The Pearson Teaching Awards

Celebrating transformational teaching

Gold Winners

Tracy Stone

Winner, the Headteacher Of The Year In A Primary School, 2006

“I never considered that the job I was doing was any more worthy of an award than other fantastic head teachers I knew; however, I recognised an opportunity to raise the profile of a school community in a deprived inner-city area, which previously only ever received negative media attention.”

Tracy Stone
Winner, Headteacher of the Year in a  Primary School, 2006
Now works as a leadership consultant and Ofsted inspector

ON WINNING

The win was for everyone and not just for me…all the teachers, leaders, governors and parents who had shaped my journey as a teacher and a leader. But most of all it was for the Handsworth community and ultimately the very special and talented pupils of Rookery School.

On my return to school I was greeted not only by Rookery staff, parents and pupils but with bouquets of flowers from parents of pupils at other local schools together with tradespeople from along Rookery Rd; apparently the cheers could be heard all around Handsworth on that Sunday night as people tuned into watch the broadcast on BBC 2.

I realised then just how important the award was, moreover that I was not just an ambassador for teaching, education and Rookery School, but for Handsworth. What an amazing thing…

I was a reluctant entrant into the competition, and in many ways a reluctant winner, but having been surprisingly nominated by a challenging governor – I was persuaded to go along with it by my deputy head. I never considered that the job I was doing was any more worthy of an award than other fantastic head teachers I knew; however, I recognised an opportunity to raise the profile of a school community in a deprived inner-city area, which previously only ever received negative media attention.

I was a late entrant to the teaching profession. I left school at 16, disillusioned with the education system and worked in many unfulfilling roles in local government. At 23 as a young mum I decided to return to education via the Open University. Working part-time to pay my fees I juggled roles and gained what I considered to be a degree of ‘convenience’; fitting in around an already busy life.

I began my teaching career in a large, innovative, inner-city primary school at 30 and absolutely loved it! I never looked back, was promoted rapidly, spent some time as an advisory teacher for the local authority before I took up a headship at 40 at an inner-city school in ‘special measures’ – a challenge I relished. The school developed and went from strength to strength…9 years on I won the Primary Head Teacher of The Year Award.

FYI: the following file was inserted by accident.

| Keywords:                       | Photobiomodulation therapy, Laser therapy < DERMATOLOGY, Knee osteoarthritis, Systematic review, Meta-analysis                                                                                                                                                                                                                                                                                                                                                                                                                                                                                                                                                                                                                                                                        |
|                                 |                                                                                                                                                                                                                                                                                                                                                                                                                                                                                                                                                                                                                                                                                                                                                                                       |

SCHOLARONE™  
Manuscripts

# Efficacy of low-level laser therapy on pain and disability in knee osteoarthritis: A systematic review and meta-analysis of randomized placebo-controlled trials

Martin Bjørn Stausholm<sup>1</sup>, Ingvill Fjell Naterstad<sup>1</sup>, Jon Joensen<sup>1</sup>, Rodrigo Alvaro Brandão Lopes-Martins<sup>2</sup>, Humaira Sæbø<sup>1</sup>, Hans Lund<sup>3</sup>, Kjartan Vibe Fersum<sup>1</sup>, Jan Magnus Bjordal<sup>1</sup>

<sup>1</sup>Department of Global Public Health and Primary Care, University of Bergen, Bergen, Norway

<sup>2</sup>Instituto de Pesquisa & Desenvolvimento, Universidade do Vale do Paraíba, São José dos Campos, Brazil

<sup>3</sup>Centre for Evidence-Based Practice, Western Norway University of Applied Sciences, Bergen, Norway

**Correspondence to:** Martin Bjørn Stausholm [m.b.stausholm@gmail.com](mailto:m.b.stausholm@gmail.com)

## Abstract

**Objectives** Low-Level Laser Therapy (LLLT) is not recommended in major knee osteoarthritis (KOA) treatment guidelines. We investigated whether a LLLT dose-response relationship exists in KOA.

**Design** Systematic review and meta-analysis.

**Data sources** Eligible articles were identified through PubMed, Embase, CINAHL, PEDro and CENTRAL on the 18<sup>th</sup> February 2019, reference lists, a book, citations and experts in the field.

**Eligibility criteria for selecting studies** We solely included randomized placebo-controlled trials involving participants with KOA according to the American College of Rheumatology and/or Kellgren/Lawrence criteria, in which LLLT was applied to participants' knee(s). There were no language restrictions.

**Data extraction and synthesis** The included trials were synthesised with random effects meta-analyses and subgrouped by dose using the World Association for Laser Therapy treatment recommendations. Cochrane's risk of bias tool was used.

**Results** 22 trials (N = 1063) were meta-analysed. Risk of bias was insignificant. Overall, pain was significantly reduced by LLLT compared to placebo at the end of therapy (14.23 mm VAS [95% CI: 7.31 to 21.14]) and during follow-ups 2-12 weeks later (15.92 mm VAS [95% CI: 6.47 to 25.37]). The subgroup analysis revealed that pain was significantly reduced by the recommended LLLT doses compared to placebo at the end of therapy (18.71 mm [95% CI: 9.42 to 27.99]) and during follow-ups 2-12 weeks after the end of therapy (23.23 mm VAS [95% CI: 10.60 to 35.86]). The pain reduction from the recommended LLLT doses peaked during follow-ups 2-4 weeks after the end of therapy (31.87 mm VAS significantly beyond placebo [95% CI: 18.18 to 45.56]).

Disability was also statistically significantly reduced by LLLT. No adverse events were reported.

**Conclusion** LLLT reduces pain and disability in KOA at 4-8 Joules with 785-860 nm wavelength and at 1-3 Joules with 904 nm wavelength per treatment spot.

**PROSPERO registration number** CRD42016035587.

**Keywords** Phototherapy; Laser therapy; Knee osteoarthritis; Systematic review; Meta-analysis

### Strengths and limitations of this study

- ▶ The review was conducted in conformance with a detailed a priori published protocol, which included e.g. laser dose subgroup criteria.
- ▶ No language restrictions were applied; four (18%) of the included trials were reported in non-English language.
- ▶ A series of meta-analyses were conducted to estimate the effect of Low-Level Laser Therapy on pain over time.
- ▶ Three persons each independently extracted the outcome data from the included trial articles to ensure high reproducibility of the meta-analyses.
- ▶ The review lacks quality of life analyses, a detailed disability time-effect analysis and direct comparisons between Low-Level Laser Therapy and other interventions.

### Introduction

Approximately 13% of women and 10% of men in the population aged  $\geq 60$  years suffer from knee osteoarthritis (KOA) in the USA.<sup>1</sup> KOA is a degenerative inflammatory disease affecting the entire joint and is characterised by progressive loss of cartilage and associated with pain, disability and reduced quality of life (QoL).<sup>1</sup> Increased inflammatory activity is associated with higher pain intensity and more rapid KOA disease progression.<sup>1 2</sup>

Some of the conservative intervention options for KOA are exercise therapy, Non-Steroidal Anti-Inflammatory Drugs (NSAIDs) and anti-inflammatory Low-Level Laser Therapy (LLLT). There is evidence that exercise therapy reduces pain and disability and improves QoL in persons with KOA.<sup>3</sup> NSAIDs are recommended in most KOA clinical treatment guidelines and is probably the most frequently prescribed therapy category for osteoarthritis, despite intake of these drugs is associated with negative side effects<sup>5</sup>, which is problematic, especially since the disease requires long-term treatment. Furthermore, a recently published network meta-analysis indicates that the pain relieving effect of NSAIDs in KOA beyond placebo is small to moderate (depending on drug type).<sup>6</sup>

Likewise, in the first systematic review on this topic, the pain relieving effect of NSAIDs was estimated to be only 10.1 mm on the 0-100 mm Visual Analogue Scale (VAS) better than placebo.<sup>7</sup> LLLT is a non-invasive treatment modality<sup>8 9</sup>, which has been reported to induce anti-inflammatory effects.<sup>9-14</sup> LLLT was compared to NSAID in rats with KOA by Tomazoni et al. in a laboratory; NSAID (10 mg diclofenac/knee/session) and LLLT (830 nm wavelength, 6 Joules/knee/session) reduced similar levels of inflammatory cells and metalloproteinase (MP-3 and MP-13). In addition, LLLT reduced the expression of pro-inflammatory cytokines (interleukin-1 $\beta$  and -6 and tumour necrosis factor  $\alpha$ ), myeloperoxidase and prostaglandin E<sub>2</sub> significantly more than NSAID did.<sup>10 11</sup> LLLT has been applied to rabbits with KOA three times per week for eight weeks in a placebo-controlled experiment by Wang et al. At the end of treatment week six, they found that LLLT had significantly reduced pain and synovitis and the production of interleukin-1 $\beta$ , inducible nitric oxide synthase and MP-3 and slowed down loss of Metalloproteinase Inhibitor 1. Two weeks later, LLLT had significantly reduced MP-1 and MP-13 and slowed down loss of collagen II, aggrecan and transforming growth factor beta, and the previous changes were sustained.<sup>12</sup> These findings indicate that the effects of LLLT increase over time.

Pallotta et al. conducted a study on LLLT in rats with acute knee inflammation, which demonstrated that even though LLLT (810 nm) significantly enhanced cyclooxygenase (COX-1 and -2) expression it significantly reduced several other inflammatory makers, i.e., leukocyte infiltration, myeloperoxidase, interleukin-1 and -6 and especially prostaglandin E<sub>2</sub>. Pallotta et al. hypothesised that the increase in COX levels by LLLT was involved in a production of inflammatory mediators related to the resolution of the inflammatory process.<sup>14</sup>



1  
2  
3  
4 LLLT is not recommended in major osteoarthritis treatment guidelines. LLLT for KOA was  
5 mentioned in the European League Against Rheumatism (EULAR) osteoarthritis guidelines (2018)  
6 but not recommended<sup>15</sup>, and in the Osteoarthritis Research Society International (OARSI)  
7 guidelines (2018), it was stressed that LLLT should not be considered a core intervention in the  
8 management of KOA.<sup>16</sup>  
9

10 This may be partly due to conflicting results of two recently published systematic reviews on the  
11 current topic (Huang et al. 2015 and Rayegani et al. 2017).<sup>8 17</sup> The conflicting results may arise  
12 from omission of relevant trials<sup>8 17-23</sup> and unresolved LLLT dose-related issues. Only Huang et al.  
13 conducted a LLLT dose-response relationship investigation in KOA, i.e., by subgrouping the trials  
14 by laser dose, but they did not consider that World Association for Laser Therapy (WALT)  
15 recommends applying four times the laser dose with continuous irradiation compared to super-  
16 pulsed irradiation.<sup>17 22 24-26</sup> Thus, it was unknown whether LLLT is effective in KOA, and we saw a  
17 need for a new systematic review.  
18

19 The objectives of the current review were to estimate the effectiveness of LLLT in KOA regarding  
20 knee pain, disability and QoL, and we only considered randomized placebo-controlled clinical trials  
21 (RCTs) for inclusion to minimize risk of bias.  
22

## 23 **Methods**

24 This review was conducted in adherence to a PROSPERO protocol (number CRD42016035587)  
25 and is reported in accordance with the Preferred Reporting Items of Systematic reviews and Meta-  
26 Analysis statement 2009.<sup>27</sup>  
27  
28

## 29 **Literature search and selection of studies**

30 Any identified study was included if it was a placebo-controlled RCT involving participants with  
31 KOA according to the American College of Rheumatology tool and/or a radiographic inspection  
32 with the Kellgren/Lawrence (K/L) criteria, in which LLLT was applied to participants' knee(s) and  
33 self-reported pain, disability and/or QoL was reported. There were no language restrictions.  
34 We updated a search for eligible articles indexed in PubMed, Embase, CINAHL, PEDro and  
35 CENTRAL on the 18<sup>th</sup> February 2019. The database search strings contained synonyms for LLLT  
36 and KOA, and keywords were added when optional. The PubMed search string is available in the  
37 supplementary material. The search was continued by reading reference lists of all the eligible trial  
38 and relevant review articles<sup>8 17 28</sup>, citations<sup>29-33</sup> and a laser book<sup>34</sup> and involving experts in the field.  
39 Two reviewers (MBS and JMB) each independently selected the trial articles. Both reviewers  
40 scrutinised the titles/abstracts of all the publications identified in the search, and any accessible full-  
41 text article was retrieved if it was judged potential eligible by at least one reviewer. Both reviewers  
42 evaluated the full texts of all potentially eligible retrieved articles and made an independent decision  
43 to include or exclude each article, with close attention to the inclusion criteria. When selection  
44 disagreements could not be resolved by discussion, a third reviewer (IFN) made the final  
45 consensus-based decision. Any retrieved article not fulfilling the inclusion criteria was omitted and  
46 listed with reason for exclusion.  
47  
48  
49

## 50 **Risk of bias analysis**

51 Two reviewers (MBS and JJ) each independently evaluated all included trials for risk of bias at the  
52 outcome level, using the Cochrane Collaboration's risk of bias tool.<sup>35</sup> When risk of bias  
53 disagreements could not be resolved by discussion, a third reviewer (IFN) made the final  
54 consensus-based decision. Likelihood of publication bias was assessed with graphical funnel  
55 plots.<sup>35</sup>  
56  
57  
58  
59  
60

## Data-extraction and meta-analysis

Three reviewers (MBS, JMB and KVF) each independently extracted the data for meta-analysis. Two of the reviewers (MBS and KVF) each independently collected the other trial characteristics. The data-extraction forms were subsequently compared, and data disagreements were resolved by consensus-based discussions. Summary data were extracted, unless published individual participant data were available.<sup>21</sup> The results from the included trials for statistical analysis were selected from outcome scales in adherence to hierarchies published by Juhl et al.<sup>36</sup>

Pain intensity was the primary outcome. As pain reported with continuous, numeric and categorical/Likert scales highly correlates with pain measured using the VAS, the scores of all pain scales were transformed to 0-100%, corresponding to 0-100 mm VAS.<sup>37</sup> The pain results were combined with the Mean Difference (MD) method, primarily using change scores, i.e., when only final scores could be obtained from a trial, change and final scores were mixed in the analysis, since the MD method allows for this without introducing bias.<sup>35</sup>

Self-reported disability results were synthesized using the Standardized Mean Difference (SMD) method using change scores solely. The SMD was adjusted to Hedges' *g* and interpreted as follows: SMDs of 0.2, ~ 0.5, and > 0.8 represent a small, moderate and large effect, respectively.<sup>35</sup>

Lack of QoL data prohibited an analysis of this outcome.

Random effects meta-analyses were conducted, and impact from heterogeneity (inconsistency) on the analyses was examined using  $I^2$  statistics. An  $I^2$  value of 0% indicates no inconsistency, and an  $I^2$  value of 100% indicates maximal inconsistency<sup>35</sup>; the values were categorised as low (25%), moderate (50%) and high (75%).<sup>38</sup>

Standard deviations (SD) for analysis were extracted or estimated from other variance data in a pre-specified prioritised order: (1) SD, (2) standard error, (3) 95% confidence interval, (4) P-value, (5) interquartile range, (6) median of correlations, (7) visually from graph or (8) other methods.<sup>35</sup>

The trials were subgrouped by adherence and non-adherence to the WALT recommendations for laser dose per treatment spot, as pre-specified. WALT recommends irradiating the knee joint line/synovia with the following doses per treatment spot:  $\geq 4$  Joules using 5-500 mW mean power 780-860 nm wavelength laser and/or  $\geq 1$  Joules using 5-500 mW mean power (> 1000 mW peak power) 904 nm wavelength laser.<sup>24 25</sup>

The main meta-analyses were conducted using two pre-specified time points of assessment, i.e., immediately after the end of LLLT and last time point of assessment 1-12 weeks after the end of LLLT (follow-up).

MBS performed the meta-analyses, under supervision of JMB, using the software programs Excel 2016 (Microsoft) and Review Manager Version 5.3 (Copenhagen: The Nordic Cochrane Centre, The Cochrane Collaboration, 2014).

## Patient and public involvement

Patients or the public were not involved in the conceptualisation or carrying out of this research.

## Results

THE JOB, CHANGES AND CHALLENGES

I am passionate about teaching and as a champion of the children, I believe that everything a teacher does must be designed to have a positive impact on pupils or there is absolutely no reason to do it. Teaching is hard, hard work, headship is also an impossible task; however, teachers and leaders who are dedicated to improving the life chances of the pupils they teach, do an amazing job and are absolutely selfless in pursuit of their aim. Those who do it for other reasons don’t survive in the profession and frankly the profession doesn’t need them.

Following the award, I remained as head teacher at Rookery (many thought that I wouldn’t!); developed the school still further – opened a Children’s Centre, a resource base for autism and a community arts hub. Never a day passed by when I wasn’t proud of the children and their achievements as budding authors, mathematicians, musicians, actors, dancers, historians…

We confidently converted to academy status in 2011, the second primary school in the country to do so. I continued to support new headteachers within Birmingham local authority and began to work as an Ofsted Inspector. Importantly, having seen first-hand the power of Teaching Awards to transform communities – I became their biggest advocate and for many years was a judge within the West Midlands region. I never considered these roles to be conflicting; in fact, they enhanced each other.

I think sometimes we as teachers, underestimate the power and influence that we have, not only over young lives but over whole communities.

I retired from headship in December 2015 but still continue to work as a leadership consultant and as an Ofsted Inspector.